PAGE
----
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In The Arena

In the Arena: A new appreciation

I could feel my stomach tighten as I prepared to make the turn into the Bank of America parking lot, I was not at all looking forward to what awaited me across the street.

Just last year, after Marty McGuane’s wake, I swore to myself the next I would attend would be my own. But I knew I’d be breaking that promise as soon as I found out that Thomas W. Merrigan had died this past weekend after a lengthy illness.

I’d love to be able to say I knew him, but I really didn’t. He was before my time as a reporter and we’d had no real contact, aside from a couple of very polite conversations here and there — none of which focused on politics, which I will forever consider a badly missed opportunity.

What I knew about Merrigan was his resume and what a resume it was. From reporter to real estate agent to lawyer, and eventually to selectman, county commissioner, all the while raising a family of eight that included a former judge, a former state representative and current Register of Probate, and the long-time town clerk of Greenfield. In his spare time, Merrigan helped found a Democratic Party that largely didn’t exist until he and some good friends decided the time had come to change Greenfield from red to blue.

It was mostly out of respect for that commitment to public service that I found myself standing with Penny Ricketts, Northwestern District Attorney Dave Sullivan, and a host of others for a solid hour on the porch at Kostanski’s Funeral Home waiting to say goodbye.

But as I stood in that line, I felt like I got to know Tom Merrigan a little bit, and I very much liked what I saw.

Lining the walls heading into the viewing room were huge collages containing hundreds of photos of Merrigan with his kids, his grandkids, his great-grandkids on trips, at the ocean and in his beloved Ireland. I swear somebody in that family had to have bought stock in Kodak at some point, because it was a truly remarkable array. And as I scanned it, I kept thinking about something another political patriarch, Joseph P. Kennedy, once said to a reporter who’d asked him which was more important, his business or his family.

“My business is my family, and my family is my business,” Kennedy said.

It was pretty obvious that Merrigan lived by the same credo.

Given the extent of his political involvement, I expected to see a lot of campaign artifacts. I counted exactly three and it became apparent that, as important as politics may have been to Merrigan, it was not his true legacy.

The real legacy could be found in the sitting room, that was packed with the extended Merrigan family. I’ve never seen so many people from one family in one place at one time in my life. There must have been 30 or 40 Merrigans of varying ages and generations, shaking hands, swapping stories, paying tribute to a man who was clearly one rich dude, no matter what the bank ledger may have said at the end of his 86 years.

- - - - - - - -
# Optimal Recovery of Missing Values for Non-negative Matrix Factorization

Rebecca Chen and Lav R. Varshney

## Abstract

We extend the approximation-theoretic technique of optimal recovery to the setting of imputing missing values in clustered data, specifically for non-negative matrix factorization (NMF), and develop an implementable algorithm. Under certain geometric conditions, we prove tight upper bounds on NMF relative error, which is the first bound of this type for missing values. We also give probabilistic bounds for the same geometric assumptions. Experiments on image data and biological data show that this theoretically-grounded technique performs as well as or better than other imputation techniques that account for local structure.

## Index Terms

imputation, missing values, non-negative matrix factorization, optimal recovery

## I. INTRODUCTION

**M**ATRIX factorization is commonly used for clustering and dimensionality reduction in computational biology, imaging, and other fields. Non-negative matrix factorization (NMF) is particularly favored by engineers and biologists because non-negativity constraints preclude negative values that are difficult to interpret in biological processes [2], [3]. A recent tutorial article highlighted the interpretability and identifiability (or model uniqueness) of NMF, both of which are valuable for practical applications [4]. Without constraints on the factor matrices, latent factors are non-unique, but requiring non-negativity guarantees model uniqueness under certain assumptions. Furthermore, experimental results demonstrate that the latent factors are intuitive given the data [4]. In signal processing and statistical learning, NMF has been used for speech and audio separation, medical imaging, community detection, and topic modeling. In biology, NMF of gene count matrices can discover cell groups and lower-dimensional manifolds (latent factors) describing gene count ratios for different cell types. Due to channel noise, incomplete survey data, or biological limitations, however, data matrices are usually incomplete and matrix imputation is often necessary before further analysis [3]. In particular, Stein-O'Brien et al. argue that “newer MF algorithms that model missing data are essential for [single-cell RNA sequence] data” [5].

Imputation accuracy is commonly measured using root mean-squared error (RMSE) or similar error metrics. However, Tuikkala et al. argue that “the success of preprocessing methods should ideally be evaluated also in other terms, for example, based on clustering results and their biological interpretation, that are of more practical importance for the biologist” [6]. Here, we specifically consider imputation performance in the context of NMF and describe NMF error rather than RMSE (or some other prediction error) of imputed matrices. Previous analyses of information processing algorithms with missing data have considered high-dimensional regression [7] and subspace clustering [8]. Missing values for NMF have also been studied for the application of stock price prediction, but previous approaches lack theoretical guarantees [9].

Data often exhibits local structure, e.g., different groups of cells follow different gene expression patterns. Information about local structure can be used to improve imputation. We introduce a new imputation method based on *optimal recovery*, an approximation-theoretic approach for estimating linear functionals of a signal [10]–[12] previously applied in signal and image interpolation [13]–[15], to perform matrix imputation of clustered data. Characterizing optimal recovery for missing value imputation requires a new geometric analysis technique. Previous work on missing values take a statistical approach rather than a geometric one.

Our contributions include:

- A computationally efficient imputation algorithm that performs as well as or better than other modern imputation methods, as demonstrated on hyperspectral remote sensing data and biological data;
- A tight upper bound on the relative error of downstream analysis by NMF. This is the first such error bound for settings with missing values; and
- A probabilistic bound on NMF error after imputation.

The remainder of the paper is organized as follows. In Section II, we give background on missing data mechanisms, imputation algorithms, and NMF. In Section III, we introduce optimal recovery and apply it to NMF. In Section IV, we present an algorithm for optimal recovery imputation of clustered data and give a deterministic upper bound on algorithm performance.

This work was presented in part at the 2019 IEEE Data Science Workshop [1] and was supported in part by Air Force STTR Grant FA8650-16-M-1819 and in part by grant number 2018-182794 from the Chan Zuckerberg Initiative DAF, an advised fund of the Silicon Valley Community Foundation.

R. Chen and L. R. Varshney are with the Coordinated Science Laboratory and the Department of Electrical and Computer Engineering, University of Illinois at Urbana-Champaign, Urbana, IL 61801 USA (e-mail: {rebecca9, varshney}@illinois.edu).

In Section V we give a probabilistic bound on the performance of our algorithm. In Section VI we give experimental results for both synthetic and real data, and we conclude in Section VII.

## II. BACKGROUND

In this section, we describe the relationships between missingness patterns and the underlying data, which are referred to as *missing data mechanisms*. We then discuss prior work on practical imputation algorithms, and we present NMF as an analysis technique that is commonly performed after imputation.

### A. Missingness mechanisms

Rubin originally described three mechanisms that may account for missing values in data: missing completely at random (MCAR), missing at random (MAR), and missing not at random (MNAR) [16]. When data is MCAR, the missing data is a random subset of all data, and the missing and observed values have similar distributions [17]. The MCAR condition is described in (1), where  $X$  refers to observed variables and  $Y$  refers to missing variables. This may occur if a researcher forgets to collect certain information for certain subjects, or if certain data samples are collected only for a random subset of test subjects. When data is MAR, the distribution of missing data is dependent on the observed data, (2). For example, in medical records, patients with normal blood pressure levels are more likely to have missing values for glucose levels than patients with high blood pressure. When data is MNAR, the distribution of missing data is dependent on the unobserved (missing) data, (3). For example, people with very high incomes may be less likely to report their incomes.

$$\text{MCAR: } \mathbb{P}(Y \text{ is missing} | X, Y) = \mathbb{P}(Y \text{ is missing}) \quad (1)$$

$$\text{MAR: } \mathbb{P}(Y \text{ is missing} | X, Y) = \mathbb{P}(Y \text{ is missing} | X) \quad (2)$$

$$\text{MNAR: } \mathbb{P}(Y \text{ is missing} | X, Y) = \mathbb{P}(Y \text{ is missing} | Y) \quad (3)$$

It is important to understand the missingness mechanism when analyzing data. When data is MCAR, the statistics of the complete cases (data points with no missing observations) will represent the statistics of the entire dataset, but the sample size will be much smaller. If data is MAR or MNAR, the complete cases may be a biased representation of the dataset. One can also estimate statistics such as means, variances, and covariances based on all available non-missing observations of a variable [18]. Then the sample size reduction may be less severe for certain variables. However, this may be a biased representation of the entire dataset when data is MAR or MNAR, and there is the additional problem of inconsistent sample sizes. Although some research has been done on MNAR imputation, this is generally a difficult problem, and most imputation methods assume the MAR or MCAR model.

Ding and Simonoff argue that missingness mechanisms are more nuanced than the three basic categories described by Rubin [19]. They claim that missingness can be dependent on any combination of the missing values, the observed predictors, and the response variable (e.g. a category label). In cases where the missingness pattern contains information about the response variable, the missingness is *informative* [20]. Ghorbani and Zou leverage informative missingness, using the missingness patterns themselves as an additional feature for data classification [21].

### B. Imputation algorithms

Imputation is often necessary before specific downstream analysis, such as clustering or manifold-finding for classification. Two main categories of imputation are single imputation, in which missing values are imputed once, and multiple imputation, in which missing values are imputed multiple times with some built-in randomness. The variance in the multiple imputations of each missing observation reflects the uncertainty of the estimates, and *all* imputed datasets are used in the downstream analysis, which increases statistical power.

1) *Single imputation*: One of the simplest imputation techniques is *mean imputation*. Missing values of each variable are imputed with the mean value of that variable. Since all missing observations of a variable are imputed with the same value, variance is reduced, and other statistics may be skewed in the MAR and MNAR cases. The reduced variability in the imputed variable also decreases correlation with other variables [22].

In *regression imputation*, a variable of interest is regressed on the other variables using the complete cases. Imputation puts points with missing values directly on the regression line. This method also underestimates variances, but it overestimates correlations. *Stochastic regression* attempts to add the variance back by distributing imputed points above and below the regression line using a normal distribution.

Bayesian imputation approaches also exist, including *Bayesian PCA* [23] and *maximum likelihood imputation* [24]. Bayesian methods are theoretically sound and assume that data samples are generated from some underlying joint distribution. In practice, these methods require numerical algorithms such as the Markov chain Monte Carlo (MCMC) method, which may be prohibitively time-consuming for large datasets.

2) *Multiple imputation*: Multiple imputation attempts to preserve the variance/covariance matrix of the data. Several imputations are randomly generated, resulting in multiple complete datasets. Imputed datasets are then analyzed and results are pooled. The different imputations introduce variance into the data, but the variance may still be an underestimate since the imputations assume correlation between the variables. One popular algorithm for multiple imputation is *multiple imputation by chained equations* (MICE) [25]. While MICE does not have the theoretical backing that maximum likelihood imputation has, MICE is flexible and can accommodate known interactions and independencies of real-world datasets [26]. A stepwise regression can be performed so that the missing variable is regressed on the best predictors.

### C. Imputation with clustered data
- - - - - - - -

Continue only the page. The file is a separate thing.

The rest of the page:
When the name Merrigan appears in this space, it is often in the context of a political machine that has launched and, in some cases, ended a number of Franklin County political careers. That political reality has made the Merrigans unpopular in certain circles. But the love and respect shown by the people who passed through that funeral home Tuesday night gave me a new appreciation of what this clan has meant to Greenfield. I also was forced to reflect on the many other families who helped create the town that so many of us grew up in, but too few still call home.

For all of its warts, Greenfield is still a special place that was largely built by people with names like Merrigan, Ruggeri, Farrell, Forbes, Allen, Kostanski, McGarrah, Bompastore, Cohn, McGuane, Hawkins, Sandri, Petrin and, yes, even Collins, to mention a mere handful. These generations of hard-working people didn’t always agree on every issue, but they were willing to make the sacrifices and compromises necessary to help build a community — the same one that now finds itself threatened by petty bickering over burning issues like where people will be allowed to shop and who is going to sit on the conservation and planning boards.

It’s not too late to get that sense of community back, but we need to start working on it now — because, as much as we’d like to believe otherwise, they simply aren’t making them like Tom Merrigan anymore.

Chris Collins is the Franklin County News Bureau Chief for WHAI, WPVQ and WHMP Radio. He is a former staff reporter for The Recorder, and is a Greenfield native.

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